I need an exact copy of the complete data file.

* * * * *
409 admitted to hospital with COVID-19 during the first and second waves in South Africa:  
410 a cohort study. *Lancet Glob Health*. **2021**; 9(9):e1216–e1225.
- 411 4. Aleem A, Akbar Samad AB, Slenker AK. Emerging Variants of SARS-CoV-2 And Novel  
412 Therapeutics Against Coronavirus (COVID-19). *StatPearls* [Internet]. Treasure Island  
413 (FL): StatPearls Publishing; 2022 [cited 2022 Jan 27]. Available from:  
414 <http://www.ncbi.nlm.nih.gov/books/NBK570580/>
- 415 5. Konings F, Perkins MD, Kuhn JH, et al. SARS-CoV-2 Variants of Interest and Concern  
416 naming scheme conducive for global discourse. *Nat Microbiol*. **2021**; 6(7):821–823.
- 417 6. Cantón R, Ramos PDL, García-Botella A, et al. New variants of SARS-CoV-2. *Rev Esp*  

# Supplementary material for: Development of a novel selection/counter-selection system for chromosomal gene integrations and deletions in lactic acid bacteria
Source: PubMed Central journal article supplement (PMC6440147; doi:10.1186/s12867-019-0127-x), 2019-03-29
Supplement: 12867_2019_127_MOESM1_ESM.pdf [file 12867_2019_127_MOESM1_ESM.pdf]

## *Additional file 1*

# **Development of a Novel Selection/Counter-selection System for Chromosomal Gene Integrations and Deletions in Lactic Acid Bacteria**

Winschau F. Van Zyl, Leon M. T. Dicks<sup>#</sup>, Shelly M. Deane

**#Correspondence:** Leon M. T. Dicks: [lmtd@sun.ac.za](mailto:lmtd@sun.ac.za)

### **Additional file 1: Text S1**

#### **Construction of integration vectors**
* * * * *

409 admitted to hospital with COVID-19 during the first and second waves in South Africa:  
410 a cohort study. *Lancet Glob Health*. **2021**; 9(9):e1216–e1225.
- 411 4. Aleem A, Akbar Samad AB, Slenker AK. Emerging Variants of SARS-CoV-2 And Novel  
412 Therapeutics Against Coronavirus (COVID-19). *StatPearls* [Internet]. Treasure Island  
413 (FL): StatPearls Publishing; 2022 [cited 2022 Jan 27]. Available from:  
414 <http://www.ncbi.nlm.nih.gov/books/NBK570580/>
- 415 5. Konings F, Perkins MD, Kuhn JH, et al. SARS-CoV-2 Variants of Interest and Concern  
416 naming scheme conducive for global discourse. *Nat Microbiol*. **2021**; 6(7):821–823.
- 417 6. Cantón R, Ramos PDL, García-Botella A, et al. New variants of SARS-CoV-2. *Rev Esp*  

# Supplementary material for: Development of a novel selection/counter-selection system for chromosomal gene integrations and deletions in lactic acid bacteria
Source: PubMed Central journal article supplement (PMC6440147; doi:10.1186/s12867-019-0127-x), 2019-03-29
Supplement: 12867_2019_127_MOESM1_ESM.pdf [file 12867_2019_127_MOESM1_ESM.pdf]

## *Additional file 1*

# **Development of a Novel Selection/Counter-selection System for Chromosomal Gene Integrations and Deletions in Lactic Acid Bacteria**

Winschau F. Van Zyl, Leon M. T. Dicks<sup>#</sup>, Shelly M. Deane

**#Correspondence:** Leon M. T. Dicks: [lmtd@sun.ac.za](mailto:lmtd@sun.ac.za)

### **Additional file 1: Text S1**

#### **Construction of integration vectors**